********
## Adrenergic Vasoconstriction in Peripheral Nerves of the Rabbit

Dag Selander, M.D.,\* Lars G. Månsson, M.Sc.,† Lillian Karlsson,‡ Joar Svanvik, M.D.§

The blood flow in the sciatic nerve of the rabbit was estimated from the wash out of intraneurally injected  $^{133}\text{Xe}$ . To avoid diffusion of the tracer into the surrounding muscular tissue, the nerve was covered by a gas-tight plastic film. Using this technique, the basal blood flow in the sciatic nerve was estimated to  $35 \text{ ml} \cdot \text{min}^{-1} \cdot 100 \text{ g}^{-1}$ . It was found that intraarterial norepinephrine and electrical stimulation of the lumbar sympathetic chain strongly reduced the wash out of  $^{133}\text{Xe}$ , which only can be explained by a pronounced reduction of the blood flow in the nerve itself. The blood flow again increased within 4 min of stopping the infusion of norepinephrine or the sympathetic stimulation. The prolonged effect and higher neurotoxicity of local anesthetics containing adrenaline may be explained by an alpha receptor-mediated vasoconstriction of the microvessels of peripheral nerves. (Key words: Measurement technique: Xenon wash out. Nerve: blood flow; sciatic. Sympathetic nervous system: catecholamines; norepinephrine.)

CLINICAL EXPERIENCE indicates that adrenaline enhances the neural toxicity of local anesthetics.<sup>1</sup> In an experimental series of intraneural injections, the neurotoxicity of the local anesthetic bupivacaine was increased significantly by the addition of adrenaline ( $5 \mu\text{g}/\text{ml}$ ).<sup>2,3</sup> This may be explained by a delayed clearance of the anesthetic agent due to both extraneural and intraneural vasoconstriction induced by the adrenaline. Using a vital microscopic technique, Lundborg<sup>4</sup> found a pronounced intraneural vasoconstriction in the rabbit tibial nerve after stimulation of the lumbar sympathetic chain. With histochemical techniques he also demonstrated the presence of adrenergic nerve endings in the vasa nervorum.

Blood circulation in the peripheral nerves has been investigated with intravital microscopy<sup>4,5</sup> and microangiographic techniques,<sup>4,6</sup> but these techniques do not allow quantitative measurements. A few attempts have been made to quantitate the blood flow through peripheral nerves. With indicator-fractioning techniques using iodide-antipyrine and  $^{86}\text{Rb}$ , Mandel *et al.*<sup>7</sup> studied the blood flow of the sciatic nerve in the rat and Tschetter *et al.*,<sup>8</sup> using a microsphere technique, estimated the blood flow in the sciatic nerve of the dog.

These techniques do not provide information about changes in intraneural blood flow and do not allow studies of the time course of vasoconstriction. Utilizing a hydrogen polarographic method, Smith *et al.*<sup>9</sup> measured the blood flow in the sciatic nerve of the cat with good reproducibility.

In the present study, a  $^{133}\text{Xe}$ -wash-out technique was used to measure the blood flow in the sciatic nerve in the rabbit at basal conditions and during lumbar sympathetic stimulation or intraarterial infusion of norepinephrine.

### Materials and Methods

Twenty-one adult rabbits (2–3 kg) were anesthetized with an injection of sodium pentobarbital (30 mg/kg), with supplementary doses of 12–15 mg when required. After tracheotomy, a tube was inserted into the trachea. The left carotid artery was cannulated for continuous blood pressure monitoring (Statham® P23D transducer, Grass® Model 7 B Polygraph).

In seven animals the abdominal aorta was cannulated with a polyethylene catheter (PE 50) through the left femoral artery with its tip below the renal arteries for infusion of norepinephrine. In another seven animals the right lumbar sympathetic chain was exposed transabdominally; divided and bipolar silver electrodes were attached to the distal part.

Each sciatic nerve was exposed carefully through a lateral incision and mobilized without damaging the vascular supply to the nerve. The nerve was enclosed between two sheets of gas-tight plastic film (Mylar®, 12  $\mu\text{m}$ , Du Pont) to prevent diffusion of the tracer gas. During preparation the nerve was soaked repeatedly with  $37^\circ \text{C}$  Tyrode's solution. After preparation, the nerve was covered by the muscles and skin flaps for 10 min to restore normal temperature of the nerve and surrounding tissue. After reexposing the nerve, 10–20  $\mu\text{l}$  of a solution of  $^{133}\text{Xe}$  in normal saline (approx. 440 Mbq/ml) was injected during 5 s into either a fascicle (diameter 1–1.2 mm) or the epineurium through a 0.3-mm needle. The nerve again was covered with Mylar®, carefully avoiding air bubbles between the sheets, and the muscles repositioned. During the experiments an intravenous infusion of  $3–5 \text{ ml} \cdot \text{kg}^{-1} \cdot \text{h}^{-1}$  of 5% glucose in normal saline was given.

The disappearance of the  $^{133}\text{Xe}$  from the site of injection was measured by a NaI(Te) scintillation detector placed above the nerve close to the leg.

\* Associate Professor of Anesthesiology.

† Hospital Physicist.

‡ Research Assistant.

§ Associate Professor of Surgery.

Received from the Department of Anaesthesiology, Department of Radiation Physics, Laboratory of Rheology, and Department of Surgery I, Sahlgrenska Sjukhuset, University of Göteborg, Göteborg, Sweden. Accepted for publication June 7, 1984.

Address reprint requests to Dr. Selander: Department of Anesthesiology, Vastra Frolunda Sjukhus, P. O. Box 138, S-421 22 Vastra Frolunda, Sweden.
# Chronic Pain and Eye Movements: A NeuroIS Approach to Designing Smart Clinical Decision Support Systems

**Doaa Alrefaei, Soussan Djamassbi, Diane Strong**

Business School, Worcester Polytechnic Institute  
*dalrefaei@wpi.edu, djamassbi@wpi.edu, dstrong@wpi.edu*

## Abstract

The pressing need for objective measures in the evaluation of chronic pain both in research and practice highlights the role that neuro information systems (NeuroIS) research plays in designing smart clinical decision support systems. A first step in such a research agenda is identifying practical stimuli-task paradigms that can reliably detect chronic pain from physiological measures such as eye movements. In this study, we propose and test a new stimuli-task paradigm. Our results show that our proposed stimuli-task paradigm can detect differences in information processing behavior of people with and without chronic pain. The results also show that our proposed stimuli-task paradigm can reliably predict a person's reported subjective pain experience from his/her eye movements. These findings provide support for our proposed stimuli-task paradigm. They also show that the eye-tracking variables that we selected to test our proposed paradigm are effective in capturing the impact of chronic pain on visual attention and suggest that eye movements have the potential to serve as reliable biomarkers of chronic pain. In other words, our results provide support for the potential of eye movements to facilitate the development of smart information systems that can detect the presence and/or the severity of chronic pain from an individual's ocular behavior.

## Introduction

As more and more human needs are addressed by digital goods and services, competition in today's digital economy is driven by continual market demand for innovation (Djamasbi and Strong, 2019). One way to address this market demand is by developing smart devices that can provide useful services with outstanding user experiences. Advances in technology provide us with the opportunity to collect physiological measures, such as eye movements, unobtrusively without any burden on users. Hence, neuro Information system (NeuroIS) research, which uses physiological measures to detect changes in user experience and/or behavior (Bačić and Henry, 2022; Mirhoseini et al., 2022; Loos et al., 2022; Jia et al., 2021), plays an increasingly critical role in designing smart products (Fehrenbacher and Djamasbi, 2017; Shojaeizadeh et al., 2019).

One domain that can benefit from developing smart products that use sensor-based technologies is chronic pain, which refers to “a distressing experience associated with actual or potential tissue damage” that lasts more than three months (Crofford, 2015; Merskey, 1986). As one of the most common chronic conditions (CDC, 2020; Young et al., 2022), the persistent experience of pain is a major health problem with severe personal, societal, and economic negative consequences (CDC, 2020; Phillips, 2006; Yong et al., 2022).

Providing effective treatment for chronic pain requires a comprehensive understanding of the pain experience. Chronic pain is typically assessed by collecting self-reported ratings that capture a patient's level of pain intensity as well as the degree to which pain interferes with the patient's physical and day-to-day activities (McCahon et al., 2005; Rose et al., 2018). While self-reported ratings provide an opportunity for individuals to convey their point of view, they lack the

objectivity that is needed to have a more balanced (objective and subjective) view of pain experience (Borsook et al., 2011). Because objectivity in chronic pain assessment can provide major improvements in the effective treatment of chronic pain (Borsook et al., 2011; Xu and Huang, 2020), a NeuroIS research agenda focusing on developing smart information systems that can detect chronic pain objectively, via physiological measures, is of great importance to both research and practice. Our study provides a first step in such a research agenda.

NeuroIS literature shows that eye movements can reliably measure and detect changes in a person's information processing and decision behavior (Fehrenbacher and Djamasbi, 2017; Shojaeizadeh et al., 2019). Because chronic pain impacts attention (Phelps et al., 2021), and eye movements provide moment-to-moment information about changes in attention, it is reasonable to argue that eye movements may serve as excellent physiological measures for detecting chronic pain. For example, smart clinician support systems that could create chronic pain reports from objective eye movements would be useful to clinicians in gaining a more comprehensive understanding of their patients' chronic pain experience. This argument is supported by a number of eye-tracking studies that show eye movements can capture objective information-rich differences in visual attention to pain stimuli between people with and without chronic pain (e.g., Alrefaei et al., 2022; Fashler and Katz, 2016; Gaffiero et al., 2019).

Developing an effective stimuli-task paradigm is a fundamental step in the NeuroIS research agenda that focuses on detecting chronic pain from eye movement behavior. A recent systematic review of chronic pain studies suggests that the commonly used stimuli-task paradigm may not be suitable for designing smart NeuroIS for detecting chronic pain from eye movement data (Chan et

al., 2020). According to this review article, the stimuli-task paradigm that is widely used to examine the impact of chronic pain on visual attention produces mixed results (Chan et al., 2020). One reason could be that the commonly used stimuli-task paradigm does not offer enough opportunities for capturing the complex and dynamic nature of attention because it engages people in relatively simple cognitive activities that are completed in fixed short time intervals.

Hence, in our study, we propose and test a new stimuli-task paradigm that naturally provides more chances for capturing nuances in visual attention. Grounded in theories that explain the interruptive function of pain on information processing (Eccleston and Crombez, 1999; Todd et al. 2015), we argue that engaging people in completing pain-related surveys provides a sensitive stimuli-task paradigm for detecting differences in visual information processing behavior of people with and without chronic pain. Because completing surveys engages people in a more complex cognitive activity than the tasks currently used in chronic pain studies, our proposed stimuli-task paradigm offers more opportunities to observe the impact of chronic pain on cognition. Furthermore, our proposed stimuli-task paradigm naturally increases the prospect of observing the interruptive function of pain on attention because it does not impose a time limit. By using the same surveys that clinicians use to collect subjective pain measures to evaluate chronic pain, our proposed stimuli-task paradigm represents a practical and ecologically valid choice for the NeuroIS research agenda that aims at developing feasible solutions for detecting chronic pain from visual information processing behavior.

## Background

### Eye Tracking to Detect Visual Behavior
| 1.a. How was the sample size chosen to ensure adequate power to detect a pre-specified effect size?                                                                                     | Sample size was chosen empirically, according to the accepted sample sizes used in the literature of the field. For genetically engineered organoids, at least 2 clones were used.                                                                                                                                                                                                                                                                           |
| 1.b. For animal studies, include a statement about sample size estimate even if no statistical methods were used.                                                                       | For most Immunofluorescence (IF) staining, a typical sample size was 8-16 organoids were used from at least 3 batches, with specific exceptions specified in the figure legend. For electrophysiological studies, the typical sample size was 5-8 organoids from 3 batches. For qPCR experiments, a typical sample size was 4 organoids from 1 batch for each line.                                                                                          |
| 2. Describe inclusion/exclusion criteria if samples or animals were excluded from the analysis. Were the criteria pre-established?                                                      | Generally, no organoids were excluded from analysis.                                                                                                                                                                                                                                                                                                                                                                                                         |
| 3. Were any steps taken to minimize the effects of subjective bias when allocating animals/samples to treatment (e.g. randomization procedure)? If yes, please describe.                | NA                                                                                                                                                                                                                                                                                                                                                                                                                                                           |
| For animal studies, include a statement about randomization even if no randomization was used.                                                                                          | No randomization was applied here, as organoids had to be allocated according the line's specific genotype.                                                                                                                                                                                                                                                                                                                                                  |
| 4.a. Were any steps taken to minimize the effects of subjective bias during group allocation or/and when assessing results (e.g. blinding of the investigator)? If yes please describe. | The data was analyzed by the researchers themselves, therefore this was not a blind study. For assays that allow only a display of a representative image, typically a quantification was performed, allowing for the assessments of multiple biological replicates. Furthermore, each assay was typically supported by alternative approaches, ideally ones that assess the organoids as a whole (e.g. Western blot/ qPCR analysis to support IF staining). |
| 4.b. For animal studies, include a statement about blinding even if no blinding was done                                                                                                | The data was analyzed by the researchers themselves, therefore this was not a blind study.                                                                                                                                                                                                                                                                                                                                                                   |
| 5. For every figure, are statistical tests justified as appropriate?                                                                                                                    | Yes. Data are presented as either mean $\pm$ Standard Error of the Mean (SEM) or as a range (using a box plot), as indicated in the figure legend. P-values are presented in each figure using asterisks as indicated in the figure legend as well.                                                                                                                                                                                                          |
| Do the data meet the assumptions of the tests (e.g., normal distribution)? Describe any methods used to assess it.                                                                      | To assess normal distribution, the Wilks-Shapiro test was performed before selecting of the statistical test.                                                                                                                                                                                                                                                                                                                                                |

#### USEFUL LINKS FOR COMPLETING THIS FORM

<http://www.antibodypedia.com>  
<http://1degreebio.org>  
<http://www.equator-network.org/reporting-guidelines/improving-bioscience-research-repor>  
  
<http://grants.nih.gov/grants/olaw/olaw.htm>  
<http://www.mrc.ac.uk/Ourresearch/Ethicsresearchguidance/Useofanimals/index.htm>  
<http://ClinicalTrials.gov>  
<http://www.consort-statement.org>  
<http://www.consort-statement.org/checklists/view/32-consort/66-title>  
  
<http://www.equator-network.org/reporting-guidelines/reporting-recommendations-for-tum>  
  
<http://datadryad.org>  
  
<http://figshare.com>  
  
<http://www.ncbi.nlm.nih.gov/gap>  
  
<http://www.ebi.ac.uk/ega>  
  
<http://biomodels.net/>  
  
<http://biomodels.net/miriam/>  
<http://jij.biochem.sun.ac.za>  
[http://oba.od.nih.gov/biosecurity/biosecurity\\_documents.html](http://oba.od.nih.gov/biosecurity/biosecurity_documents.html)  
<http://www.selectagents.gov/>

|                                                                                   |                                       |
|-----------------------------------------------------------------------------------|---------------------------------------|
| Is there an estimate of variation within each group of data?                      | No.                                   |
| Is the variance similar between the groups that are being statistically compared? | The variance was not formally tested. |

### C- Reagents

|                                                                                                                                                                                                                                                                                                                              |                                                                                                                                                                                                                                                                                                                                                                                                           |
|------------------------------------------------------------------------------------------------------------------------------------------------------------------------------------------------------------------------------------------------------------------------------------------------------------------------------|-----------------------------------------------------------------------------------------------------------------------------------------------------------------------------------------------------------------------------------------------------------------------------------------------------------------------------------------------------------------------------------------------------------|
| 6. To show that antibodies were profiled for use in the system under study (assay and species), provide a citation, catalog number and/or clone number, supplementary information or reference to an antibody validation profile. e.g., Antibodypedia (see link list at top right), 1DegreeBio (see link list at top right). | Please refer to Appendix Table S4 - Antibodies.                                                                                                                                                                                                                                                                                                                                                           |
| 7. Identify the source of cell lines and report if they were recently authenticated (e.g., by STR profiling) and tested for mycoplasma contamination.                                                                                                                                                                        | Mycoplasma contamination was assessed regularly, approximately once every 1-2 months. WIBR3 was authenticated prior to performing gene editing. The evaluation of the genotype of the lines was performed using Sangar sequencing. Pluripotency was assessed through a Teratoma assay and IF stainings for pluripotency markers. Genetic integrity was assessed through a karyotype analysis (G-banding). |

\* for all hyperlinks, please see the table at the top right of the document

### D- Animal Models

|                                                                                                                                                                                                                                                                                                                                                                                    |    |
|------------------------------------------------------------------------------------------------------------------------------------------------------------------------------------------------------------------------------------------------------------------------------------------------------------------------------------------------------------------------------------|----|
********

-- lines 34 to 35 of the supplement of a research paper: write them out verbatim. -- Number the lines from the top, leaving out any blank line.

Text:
## Background

### Eye Tracking to Detect Visual Behavior